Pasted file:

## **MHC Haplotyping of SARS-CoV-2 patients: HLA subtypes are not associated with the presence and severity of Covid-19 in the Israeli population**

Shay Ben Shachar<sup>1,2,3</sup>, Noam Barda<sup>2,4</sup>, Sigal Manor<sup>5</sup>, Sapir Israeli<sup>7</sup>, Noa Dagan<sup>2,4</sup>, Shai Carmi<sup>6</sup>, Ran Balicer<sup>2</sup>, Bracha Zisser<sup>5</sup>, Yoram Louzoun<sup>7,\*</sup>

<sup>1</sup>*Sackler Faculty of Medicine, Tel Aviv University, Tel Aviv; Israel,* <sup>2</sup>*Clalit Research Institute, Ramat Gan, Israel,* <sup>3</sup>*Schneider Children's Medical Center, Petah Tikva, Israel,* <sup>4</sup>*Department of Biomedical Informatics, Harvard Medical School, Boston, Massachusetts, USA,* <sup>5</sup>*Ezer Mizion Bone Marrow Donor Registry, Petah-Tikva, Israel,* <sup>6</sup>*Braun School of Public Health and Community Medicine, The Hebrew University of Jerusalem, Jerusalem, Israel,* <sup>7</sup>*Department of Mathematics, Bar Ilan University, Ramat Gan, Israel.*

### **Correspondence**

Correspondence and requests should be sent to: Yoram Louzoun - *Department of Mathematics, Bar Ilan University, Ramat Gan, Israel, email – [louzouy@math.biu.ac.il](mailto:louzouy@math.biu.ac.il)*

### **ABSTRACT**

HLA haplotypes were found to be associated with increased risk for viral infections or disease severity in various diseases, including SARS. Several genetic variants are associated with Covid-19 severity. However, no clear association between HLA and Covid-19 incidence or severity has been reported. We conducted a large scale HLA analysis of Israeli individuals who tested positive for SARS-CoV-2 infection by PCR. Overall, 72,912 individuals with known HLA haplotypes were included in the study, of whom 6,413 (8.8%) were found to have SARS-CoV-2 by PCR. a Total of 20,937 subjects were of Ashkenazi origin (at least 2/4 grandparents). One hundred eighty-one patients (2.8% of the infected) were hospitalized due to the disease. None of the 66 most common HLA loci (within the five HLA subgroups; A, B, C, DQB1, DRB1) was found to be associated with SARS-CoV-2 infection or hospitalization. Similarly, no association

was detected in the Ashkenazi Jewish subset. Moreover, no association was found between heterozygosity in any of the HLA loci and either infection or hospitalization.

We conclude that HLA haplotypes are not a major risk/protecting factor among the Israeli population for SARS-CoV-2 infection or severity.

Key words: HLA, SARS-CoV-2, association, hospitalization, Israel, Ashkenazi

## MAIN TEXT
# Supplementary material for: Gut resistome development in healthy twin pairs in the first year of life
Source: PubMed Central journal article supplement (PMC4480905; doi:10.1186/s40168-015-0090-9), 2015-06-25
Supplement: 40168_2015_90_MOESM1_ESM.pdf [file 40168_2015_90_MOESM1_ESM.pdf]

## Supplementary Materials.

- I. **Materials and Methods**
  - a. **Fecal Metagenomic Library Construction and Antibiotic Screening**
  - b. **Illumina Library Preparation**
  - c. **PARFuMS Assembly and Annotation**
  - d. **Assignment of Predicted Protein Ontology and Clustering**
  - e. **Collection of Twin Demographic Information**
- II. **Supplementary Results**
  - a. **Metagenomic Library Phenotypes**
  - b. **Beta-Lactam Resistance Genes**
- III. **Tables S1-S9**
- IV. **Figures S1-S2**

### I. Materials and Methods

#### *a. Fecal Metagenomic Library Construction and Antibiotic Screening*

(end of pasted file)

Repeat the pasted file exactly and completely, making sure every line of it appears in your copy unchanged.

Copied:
## **MHC Haplotyping of SARS-CoV-2 patients: HLA subtypes are not associated with the presence and severity of Covid-19 in the Israeli population**

Shay Ben Shachar<sup>1,2,3</sup>, Noam Barda<sup>2,4</sup>, Sigal Manor<sup>5</sup>, Sapir Israeli<sup>7</sup>, Noa Dagan<sup>2,4</sup>, Shai Carmi<sup>6</sup>, Ran Balicer<sup>2</sup>, Bracha Zisser<sup>5</sup>, Yoram Louzoun<sup>7,\*</sup>

<sup>1</sup>*Sackler Faculty of Medicine, Tel Aviv University, Tel Aviv; Israel,* <sup>2</sup>*Clalit Research Institute, Ramat Gan, Israel,* <sup>3</sup>*Schneider Children's Medical Center, Petah Tikva, Israel,* <sup>4</sup>*Department of Biomedical Informatics, Harvard Medical School, Boston, Massachusetts, USA,* <sup>5</sup>*Ezer Mizion Bone Marrow Donor Registry, Petah-Tikva, Israel,* <sup>6</sup>*Braun School of Public Health and Community Medicine, The Hebrew University of Jerusalem, Jerusalem, Israel,* <sup>7</sup>*Department of Mathematics, Bar Ilan University, Ramat Gan, Israel.*

### **Correspondence**

Correspondence and requests should be sent to: Yoram Louzoun - *Department of Mathematics, Bar Ilan University, Ramat Gan, Israel, email – [louzouy@math.biu.ac.il](mailto:louzouy@math.biu.ac.il)*

### **ABSTRACT**

HLA haplotypes were found to be associated with increased risk for viral infections or disease severity in various diseases, including SARS. Several genetic variants are associated with Covid-19 severity. However, no clear association between HLA and Covid-19 incidence or severity has been reported. We conducted a large scale HLA analysis of Israeli individuals who tested positive for SARS-CoV-2 infection by PCR. Overall, 72,912 individuals with known HLA haplotypes were included in the study, of whom 6,413 (8.8%) were found to have SARS-CoV-2 by PCR. a Total of 20,937 subjects were of Ashkenazi origin (at least 2/4 grandparents). One hundred eighty-one patients (2.8% of the infected) were hospitalized due to the disease. None of the 66 most common HLA loci (within the five HLA subgroups; A, B, C, DQB1, DRB1) was found to be associated with SARS-CoV-2 infection or hospitalization. Similarly, no association

was detected in the Ashkenazi Jewish subset. Moreover, no association was found between heterozygosity in any of the HLA loci and either infection or hospitalization.

We conclude that HLA haplotypes are not a major risk/protecting factor among the Israeli population for SARS-CoV-2 infection or severity.

Key words: HLA, SARS-CoV-2, association, hospitalization, Israel, Ashkenazi

## MAIN TEXT
# Supplementary material for: Gut resistome development in healthy twin pairs in the first year of life
Source: PubMed Central journal article supplement (PMC4480905; doi:10.1186/s40168-015-0090-9), 2015-06-25
Supplement: 40168_2015_90_MOESM1_ESM.pdf [file 40168_2015_90_MOESM1_ESM.pdf]

## Supplementary Materials.

- I. **Materials and Methods**
  - a. **Fecal Metagenomic Library Construction and Antibiotic Screening**
  - b. **Illumina Library Preparation**
  - c. **PARFuMS Assembly and Annotation**
  - d. **Assignment of Predicted Protein Ontology and Clustering**
  - e. **Collection of Twin Demographic Information**
- II. **Supplementary Results**
  - a. **Metagenomic Library Phenotypes**
  - b. **Beta-Lactam Resistance Genes**
- III. **Tables S1-S9**
- IV. **Figures S1-S2**

### I. Materials and Methods

#### *a. Fecal Metagenomic Library Construction and Antibiotic Screening*